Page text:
CHINA (Sichuan and Gansu Provinces) - joint efforts to preserve the giant panda and its habitat in the Minshan Landscape

Posted on 01 October 2006    
Minshan, China.
© WWF China / Caroline Liou
The 2004 Panda Survey concluded that 1,600 giant pandas survive in the wild.

The pandas are scattered in 20 isolated populations in 6 major landscapes in southwestern China in the upper Yangtze River basin. Almost 1/2 of these pandas are found in the Minshan landscape, shared by Sichuan and Gansu provinces.

In a major development, the provincial governments of Sichuan and Gansu have each committed to establish new protected areas (PAs), linking corridors and co-managed areas to ensure all the pandas in Minshan are both protected and reconnected to ensure their long term health and survival. This represents the designation of almost 1.6 million hectares of panda habitat. Both provincial governments have also committed to establish PAs for other wildlife totaling an additional 900,000 hectares by 2010.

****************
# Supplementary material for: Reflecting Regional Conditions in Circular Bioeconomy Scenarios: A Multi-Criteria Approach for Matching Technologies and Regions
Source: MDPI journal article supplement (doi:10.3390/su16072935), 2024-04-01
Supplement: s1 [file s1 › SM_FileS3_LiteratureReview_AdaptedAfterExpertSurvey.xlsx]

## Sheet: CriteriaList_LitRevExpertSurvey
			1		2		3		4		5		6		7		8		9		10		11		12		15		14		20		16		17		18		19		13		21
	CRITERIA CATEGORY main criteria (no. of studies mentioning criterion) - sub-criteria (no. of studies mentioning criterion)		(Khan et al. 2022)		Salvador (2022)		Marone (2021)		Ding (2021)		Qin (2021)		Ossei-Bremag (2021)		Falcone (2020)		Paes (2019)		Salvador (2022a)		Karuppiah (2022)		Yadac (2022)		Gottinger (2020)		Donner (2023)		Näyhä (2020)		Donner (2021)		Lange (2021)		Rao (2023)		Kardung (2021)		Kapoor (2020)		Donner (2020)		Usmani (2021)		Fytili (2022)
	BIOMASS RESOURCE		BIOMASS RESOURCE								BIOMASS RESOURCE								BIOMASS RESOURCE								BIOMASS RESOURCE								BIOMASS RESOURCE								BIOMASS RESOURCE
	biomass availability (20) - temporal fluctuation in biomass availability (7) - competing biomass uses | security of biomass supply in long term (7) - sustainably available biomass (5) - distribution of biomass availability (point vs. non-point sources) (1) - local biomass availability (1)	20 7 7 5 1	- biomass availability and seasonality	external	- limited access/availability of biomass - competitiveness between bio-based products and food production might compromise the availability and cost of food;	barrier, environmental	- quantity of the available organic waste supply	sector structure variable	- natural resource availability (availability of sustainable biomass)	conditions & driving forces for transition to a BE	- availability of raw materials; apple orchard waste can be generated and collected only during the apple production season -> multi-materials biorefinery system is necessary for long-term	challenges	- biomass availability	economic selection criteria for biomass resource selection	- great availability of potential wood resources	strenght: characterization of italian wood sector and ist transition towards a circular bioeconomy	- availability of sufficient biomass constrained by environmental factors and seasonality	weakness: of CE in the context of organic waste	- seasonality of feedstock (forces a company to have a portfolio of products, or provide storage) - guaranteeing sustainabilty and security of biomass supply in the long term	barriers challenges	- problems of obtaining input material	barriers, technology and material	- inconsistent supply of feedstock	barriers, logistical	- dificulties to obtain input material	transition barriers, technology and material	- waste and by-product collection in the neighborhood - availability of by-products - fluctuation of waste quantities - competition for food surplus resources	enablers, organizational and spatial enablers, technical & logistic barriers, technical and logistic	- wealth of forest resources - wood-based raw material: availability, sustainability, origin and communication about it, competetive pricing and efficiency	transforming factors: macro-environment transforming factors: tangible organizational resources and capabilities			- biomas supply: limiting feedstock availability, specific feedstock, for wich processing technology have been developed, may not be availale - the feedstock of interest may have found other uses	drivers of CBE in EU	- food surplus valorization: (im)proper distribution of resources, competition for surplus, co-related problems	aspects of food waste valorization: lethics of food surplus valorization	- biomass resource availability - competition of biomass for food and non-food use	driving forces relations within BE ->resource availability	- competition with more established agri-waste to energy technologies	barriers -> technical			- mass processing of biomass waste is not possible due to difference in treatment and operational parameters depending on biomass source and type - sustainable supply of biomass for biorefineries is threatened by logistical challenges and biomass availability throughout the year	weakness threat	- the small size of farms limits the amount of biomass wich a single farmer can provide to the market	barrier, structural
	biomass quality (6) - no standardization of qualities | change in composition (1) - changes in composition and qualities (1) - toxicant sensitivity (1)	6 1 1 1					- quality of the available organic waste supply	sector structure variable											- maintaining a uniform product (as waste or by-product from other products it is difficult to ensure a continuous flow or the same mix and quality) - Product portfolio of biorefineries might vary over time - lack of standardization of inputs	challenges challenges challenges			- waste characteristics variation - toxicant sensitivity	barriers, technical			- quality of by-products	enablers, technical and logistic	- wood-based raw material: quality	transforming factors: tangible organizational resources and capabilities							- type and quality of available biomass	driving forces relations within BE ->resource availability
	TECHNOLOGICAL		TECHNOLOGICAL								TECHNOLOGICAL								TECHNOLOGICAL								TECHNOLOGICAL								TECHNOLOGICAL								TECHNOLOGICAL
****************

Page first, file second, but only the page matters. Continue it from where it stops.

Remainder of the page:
WWF, the global conservation organization, recognizes these commitments by the 2 provincial governments as a Gift to the Earth – symbolising a globally significant conservation achievement and inspiring environmental leadership.

As China's economy continues its rapid development, it is more important than ever to conserve the forest home of the giant panda – not just to safeguard this well-loved species, but also to maintain the subsistence fisheries and water resources essential for the livelihoods and subsistence needs of the nearly 40% of China's people who share the Yangtze River basin with the giant panda.
Minshan, China.
© WWF China / Caroline Liou Enlarge

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